by Jack Waymire
Your money is important. You worked hard for it. So how do you find the best financial advisor, someone you can trust, to ensure it is safe and growing toward retirement?
The Internet is a game-changer when it comes to the financial-advisor world. We live and work in an information-based society, so it no longer makes sense to base your financial-advisor selection decisions on a simple sales pitch or a flier you receive in the mail.
The Internet allows you find, research and compare advisors before they even know you’re looking at them. But how can you level the playing field so you make the “right” decision when you select a financial advisor? And, how about making a “safer” decision that reduces your risk of selecting the wrong advisor? The answer is at your fingertips!
You already know that you live in an age where you can find just about anything you want to know on the Internet. You just have to know where to go to find the information and understand the importance of what you find.
Using the Internet to research financial advisors is not a new or revolutionary idea. What is new is using the Internet to control a process that helps you make the right decision to find the best financial advisor.
You are no longer limited to the information that advisors provide you in their sales pitches. When advisors control information, you hear what they want you to hear. It is also easy to manipulate information with misrepresentation and omission because there is no written record of what was said to you.
The Internet provides a level of transparency that is still relatively new to an industry that is used to controlling the information you rely on to select financial advisors.
So, who are the best financial advisors? This is the mystery that the Internet will help you solve. Yes, it is going to take a little time on your part, but a little effort now can pay big dividends later.
There are more than 600,000 advisors and registered representatives in the U.S. who sell financial advice, services and products. Every major city in America has thousands of advisors who purport to be trustworthy financial experts. But, after years of researching advisors, we can tell you that many are not. Only about 15 percent of these advisors are real experts. At least 50 percent are salespeople, and 35 percent are in transition from selling to advising.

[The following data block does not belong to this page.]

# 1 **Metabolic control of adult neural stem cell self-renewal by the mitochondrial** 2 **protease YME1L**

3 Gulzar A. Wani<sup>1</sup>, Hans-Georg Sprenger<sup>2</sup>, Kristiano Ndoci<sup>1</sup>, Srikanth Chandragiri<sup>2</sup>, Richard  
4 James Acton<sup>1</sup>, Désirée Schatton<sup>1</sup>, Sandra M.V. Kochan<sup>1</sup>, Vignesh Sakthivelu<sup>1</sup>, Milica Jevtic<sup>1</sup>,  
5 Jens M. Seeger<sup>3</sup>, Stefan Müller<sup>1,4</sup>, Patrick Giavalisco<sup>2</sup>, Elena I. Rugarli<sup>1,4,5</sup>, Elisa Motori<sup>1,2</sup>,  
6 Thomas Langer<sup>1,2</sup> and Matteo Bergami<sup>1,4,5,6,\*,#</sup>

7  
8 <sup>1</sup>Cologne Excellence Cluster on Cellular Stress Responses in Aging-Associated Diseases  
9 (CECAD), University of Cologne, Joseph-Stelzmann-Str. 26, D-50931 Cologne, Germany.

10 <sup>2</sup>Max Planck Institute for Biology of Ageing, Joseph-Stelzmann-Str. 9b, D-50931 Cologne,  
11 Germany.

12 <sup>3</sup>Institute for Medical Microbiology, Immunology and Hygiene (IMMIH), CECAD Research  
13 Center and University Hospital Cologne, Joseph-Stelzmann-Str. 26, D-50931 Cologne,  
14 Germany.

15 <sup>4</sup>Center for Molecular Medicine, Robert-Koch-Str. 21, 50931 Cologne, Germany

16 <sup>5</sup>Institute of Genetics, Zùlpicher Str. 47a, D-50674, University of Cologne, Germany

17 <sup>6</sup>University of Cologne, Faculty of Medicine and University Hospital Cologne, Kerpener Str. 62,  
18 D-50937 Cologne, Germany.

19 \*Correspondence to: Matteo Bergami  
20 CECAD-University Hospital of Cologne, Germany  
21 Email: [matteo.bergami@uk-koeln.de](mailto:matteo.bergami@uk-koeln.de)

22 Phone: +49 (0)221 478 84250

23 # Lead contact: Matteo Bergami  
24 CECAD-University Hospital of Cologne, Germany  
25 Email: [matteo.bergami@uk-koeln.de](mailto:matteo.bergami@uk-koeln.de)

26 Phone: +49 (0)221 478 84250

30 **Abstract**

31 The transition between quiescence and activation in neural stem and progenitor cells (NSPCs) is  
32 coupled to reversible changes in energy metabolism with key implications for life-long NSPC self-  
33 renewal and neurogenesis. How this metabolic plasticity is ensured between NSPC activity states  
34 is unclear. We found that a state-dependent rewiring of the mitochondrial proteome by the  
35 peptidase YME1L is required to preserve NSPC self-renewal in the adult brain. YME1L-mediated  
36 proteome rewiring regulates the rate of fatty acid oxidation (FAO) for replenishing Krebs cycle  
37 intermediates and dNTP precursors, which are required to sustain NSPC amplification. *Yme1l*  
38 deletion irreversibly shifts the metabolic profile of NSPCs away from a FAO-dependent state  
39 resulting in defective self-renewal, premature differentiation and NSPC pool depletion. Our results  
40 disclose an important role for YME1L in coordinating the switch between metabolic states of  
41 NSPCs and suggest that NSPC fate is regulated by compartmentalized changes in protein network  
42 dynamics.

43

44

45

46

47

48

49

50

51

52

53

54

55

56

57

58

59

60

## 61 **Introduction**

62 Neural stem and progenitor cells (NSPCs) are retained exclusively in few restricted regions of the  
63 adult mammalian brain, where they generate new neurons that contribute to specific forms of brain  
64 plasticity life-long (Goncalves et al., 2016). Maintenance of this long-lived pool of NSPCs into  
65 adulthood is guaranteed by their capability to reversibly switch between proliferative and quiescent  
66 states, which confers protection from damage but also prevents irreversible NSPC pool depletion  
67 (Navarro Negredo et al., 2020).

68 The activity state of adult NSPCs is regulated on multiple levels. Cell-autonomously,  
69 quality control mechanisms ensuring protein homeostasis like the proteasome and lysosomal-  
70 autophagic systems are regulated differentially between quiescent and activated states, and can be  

Your challenge is to select a trustworthy advisor who can provide high-quality advice that helps you achieve your financial goals.
When trying to select the best, you need to search websites that publish the information you need and not just information that contains hidden risks. You’ll need to use the Internet to validate the information advisors provide you during interviews. You need to watch for red flags and learn how to recognize them.
You win when you control the process.
When I wrote “Who’s Watching Your Money” in 2000-2002, the stock market was in a major tailspin that would ultimately cost investors $8 trillion in realized and unrealized losses. Investors who had been riding the 1990s boom for tech, dotcom and communications stocks were stunned when their retirement and savings accounts were devastated by losses of 50 percent or more. Millions of investors spent years recovering losses only to be hit again by the toxic mortgage meltdown that triggered the 2008 stock market crash and another $12 trillion of realized and unrealized losses.
I remember one friend in particular who spent 18 years in the banking industry accumulating retirement assets in her company’s 401k plan. She decided to join another bank in 1999 and felt relieved when a Dean Witter branch manager agreed to help her invest the retirement assets she had rolled into an IRA. The manager recommended several proprietary Dean Witter mutual funds that were heavily invested in technology-related stocks. She left the meeting feeling her financial future was in good hands. After all, Dean Witter was a brand name, the branch manager was an experienced professional and their slogan sounded right: “We measure success one investor at a time.”
However, when the dust settled after the 2000-2002 stock market crash, she had lost 65 percent of her retirement savings. Retirement was no longer a realistic option. She would have to work another 10 to 15 years to recover her losses. In the meantime, the branch manager had pocketed some sizable commissions and Dean Witter had deducted thousands of dollars of expenses from her accounts.
It was painfully obvious her losses were more than they should have been because she selected the wrong financial advisor.
I decided to write this book after hearing story after story that described how bad financial advice had made bad stock market returns even worse. However, I was also realistic. I knew there was nothing I could write that would impact the business practices of the firms that make up the industry we call Wall Street.
A lot has changed since that book went to press, so I decided to write another book, which is being published as we speak. This book, “Selecting The Best Financial Advisor,” shows investors how to use the Internet to find the best financial advisor, what questions they should be asking and how.
If I was going to help investors protect their financial interests, the emphasis had to be on their selection of financial advisors. You and I can’t change Wall Street business practices, but we can change the way we pick financial advisors.
You have to control the process for selecting your financial advisor. If you don’t control the process, the advisors will.
I will be writing more about this topic throughout the year. I will show you how to find compliance records, recognize red flags and how to whittle your list of “good advisors” down to the one who’s right!
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